The Fall of Jerusalem (Dan 1:1-1:2)

“In the third year

Of the reign

Of King Jehoiakim

In Judah,

King Nebuchadnezzar

Of Babylon

Came to Jerusalem.

He besieged it.

The Lord let

King Jehoiakim

Of Judah

Fall into his power,

As well as some of the vessels

Of the house of God.

Then he brought them

To the land of Shinar,

He placed

The vessels

In the treasury

Of his gods.”

This Book of Daniel starts out on a dire note, the capture of Jerusalem. However, unlike the Book of Ezekiel, there is only a vague date for the siege of Jerusalem, the 3rd year of King Jehoiakim, which would have been 606 BCE.   However, there is no other indication of a siege at that time. Perhaps, this meant 598 BCE when King Jehoiakim was deposed. It is not clear who the author of this work was. However, the Judaean king fell under the power of King Nebuchadnezzar, because the Lord let it happen. Yahweh is not the term used for God in this post-exilic work. Rather the Greek Kyrios was used. The Babylonian king took some of the Temple vessels and treasures with him to Babylon, or Shinar as it is called here. He brought them to the treasury of his gods, which would have been Marduk and Nebo.

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The second young lion (Ezek 19:5-19:6)

“When the lioness saw

That she was thwarted,

That her hope was lost,

She took another

Of her lion cubs.

She made him

A young lion.

He prowled

Among the lions.

He became a young lion.

He learned

To catch prey.

He devoured people.”

With the capture of the first young lion, this lioness tried to develop a second young lion. She had given up hope, but then she found another one of her young lion cubs. She made him into another young lion so that he prowled among the other young lions. He then learned to catch prey and devour humans. Perhaps this lioness is a reference to Hamutal, the wife of King Josiah (640-609 BCE), whose two sons became kings, King Jehoiakim (609-598 BCE) and King Zedekiah (598-587 BCE).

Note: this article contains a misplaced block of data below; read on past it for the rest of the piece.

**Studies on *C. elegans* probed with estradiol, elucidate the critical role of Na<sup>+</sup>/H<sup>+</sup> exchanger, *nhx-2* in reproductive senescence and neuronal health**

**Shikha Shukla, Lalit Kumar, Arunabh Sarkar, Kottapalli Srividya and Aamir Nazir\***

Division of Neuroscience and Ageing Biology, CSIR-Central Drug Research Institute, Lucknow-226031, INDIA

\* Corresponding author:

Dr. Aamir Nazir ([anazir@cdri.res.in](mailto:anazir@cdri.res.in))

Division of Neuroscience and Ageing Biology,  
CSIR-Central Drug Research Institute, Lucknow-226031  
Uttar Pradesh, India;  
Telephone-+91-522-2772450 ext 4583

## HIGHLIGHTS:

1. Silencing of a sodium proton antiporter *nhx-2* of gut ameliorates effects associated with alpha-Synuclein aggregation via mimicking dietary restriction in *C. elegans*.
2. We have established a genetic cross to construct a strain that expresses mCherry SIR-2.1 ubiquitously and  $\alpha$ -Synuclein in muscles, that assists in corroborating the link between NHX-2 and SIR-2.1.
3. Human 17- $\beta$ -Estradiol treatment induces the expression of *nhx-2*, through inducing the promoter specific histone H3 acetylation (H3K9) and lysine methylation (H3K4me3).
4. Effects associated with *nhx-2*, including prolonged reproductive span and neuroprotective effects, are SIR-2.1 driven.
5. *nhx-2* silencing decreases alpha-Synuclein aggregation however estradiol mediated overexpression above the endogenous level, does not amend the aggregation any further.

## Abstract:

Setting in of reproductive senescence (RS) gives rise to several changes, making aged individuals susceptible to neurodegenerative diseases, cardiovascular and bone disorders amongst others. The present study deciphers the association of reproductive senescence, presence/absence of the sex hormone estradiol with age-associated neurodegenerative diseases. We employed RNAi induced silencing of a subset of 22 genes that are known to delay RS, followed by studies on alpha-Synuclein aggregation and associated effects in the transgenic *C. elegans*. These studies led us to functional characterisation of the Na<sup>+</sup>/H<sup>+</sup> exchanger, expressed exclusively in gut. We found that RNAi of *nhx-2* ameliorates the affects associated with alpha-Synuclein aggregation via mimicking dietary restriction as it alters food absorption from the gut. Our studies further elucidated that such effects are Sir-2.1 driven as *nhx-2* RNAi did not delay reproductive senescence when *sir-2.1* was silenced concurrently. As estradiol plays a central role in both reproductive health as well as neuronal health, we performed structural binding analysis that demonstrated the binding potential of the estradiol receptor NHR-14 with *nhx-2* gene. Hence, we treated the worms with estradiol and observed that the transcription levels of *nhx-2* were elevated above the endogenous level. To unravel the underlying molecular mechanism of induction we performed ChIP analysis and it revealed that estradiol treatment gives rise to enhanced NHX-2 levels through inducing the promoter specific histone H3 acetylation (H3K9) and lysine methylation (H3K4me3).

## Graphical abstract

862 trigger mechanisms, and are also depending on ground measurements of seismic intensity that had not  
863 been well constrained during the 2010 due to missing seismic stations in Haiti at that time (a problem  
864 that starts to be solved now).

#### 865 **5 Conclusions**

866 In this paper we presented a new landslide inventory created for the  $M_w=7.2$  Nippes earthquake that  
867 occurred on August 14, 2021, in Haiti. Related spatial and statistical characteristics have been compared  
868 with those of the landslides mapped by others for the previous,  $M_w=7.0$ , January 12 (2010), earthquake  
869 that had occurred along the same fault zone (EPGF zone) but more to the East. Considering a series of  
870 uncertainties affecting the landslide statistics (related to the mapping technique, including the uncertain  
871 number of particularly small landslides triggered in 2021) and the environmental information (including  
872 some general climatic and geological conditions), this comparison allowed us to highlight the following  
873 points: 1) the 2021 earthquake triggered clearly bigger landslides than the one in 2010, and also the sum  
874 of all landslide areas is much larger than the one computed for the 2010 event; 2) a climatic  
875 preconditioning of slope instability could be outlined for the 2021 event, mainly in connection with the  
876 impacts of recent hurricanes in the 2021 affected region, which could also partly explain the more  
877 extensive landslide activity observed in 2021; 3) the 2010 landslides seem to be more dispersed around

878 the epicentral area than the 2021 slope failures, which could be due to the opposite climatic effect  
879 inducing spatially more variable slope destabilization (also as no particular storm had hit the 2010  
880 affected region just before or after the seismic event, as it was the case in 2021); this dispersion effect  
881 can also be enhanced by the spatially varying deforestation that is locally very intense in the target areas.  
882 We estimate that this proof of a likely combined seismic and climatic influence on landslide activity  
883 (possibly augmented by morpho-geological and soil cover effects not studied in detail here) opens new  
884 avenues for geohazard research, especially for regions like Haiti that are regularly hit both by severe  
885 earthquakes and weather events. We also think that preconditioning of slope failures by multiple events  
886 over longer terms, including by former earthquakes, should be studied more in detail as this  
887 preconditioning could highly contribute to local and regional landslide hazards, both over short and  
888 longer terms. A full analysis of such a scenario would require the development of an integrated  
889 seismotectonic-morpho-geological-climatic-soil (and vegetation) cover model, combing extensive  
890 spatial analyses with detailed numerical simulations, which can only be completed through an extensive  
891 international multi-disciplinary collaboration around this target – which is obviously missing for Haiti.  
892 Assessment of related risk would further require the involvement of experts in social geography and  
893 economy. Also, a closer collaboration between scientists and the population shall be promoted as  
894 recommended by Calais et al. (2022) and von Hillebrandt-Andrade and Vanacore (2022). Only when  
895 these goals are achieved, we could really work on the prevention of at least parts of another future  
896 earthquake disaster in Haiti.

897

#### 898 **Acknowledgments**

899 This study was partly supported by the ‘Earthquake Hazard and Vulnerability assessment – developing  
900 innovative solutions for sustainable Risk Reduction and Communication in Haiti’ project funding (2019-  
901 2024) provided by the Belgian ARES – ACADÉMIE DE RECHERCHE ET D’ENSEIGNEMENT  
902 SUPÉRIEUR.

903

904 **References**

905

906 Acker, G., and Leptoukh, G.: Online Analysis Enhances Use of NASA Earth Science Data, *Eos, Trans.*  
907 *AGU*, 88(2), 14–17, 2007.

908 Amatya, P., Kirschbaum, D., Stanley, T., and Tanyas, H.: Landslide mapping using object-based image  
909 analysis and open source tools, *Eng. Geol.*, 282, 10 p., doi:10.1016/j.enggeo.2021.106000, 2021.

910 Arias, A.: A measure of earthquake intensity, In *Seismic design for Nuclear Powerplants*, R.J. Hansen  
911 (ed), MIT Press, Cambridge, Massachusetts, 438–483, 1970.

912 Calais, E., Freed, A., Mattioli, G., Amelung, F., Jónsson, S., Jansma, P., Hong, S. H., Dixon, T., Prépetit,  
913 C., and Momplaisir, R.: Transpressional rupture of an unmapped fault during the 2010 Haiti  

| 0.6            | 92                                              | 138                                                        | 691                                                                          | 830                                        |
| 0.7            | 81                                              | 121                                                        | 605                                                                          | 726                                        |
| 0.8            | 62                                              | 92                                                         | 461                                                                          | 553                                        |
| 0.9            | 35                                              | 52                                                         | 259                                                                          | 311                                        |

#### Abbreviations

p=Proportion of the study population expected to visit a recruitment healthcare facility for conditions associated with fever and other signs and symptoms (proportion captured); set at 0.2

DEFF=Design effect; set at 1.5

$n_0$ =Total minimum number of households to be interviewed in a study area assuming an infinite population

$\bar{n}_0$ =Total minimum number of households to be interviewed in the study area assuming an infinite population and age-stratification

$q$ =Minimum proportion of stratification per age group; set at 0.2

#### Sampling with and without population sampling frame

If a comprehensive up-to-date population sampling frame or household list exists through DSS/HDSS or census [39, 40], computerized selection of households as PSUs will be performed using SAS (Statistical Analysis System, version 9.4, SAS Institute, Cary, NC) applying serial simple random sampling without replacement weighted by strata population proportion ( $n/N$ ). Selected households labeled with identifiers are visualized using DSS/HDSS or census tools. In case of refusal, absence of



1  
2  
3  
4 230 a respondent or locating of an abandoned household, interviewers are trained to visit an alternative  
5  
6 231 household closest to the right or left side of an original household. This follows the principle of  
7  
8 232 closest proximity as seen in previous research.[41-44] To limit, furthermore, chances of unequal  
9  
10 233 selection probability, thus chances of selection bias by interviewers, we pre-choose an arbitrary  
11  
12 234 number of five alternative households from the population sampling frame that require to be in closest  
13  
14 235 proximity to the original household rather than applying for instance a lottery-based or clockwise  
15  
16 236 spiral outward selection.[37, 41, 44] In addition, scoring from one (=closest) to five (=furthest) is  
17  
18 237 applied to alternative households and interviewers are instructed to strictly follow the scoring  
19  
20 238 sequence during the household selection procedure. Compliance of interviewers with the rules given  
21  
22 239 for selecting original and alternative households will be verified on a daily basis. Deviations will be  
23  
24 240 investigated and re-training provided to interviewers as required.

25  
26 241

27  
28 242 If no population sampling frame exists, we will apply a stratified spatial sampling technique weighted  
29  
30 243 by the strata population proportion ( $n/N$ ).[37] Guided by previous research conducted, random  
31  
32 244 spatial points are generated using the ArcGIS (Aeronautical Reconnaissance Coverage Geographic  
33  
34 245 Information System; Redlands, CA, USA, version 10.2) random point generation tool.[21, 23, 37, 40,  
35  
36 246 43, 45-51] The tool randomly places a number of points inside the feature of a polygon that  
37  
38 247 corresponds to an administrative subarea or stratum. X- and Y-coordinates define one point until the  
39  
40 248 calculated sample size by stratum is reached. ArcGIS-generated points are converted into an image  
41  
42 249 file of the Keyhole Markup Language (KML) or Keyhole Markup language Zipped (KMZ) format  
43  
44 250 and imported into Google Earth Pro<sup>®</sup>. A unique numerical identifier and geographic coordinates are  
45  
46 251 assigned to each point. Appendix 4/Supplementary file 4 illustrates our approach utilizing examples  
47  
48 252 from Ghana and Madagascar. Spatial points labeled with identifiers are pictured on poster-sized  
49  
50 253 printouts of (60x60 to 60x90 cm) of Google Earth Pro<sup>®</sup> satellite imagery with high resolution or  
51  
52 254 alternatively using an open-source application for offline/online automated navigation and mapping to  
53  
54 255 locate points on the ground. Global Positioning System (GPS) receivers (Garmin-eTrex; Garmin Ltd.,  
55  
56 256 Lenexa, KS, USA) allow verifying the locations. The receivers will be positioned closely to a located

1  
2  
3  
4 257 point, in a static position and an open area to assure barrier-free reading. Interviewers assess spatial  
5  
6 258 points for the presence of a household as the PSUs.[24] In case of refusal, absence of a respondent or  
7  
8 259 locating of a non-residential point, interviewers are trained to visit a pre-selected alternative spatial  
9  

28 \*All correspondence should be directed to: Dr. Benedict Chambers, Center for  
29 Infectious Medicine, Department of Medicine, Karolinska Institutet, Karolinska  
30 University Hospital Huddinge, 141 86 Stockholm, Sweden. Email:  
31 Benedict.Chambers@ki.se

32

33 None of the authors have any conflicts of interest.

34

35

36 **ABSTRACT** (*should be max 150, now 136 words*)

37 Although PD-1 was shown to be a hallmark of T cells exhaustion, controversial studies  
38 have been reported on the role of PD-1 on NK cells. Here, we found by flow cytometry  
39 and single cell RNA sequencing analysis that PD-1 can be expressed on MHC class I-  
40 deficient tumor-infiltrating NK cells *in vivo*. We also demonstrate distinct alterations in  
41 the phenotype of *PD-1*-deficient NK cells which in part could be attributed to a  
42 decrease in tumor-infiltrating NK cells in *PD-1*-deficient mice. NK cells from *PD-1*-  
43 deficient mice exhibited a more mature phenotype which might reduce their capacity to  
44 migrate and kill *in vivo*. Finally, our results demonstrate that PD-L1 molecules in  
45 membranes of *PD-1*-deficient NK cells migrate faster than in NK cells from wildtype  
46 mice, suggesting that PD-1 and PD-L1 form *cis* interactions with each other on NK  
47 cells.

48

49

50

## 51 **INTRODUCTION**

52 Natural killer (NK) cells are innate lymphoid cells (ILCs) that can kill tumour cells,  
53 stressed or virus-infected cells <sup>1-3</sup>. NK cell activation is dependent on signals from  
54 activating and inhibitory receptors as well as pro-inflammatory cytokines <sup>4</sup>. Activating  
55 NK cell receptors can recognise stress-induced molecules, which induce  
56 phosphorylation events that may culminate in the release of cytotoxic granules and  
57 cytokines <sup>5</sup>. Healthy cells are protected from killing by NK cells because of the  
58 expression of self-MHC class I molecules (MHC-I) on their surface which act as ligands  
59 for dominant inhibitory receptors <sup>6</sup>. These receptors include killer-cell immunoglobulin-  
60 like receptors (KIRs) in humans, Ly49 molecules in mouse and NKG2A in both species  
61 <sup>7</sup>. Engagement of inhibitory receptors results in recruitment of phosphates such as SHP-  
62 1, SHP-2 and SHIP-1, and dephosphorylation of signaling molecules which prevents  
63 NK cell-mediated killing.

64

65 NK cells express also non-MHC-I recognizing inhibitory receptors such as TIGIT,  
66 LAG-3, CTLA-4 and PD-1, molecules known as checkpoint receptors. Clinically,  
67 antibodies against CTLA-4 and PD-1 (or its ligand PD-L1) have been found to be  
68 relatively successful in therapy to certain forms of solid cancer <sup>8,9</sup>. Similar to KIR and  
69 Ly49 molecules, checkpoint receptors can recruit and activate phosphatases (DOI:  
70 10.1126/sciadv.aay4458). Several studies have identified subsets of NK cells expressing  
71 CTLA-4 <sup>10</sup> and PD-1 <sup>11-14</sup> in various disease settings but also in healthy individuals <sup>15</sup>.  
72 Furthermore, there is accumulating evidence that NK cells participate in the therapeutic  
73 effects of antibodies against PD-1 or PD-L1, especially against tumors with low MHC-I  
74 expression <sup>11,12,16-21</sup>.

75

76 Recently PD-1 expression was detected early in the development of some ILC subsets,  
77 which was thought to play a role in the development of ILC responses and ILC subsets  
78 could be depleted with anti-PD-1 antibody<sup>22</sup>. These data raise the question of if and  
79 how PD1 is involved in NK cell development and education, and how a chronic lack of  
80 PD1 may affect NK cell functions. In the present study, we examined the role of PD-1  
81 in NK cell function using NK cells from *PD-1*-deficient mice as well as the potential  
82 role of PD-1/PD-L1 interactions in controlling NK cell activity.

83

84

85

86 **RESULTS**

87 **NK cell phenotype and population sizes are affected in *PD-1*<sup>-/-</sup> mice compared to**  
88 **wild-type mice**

Yahweh explains the allegory (Ezek 17:11-17:14)

“Then the word of Yahweh

Came to me.

‘Say now

To the rebellious house!

Do you not know

What these things mean?

Tell them!

The king of Babylon

Came to Jerusalem.

He took its king.

He took its officials.

He brought them

Back with him

To Babylon.

He took

One of the royal offspring.

He made a covenant

With him.

He put him

Under oath.

He had taken away

The chief men

Of the land.

Thus the kingdom

Might be humble.

The kingdom might not

Lift itself up.

By keeping

His covenant,

It might stand.’’’

Ezekiel had another oracle from Yahweh that explained the first eagle allegory or riddle. Obviously the rebellious house of Judah did not understand it. Thus Yahweh, via Ezekiel, was going to explain it to them. The first eagle was the king of Babylon who came to Jerusalem. He took its king and officials back with him to Babylon. Then he took one of the Judean royal offspring and made an agreement with him. This new king swore an oath of allegiance to the King of Babylon. The first king that was uprooted was King Jehoiakim (609-598 BCE), while the new king was King Zedekiah (598-587). Thus the kingdom of Judah would be humbled and not be able to lift itself up. It would be allowed to exist, if it kept the agreement with the King of Babylon.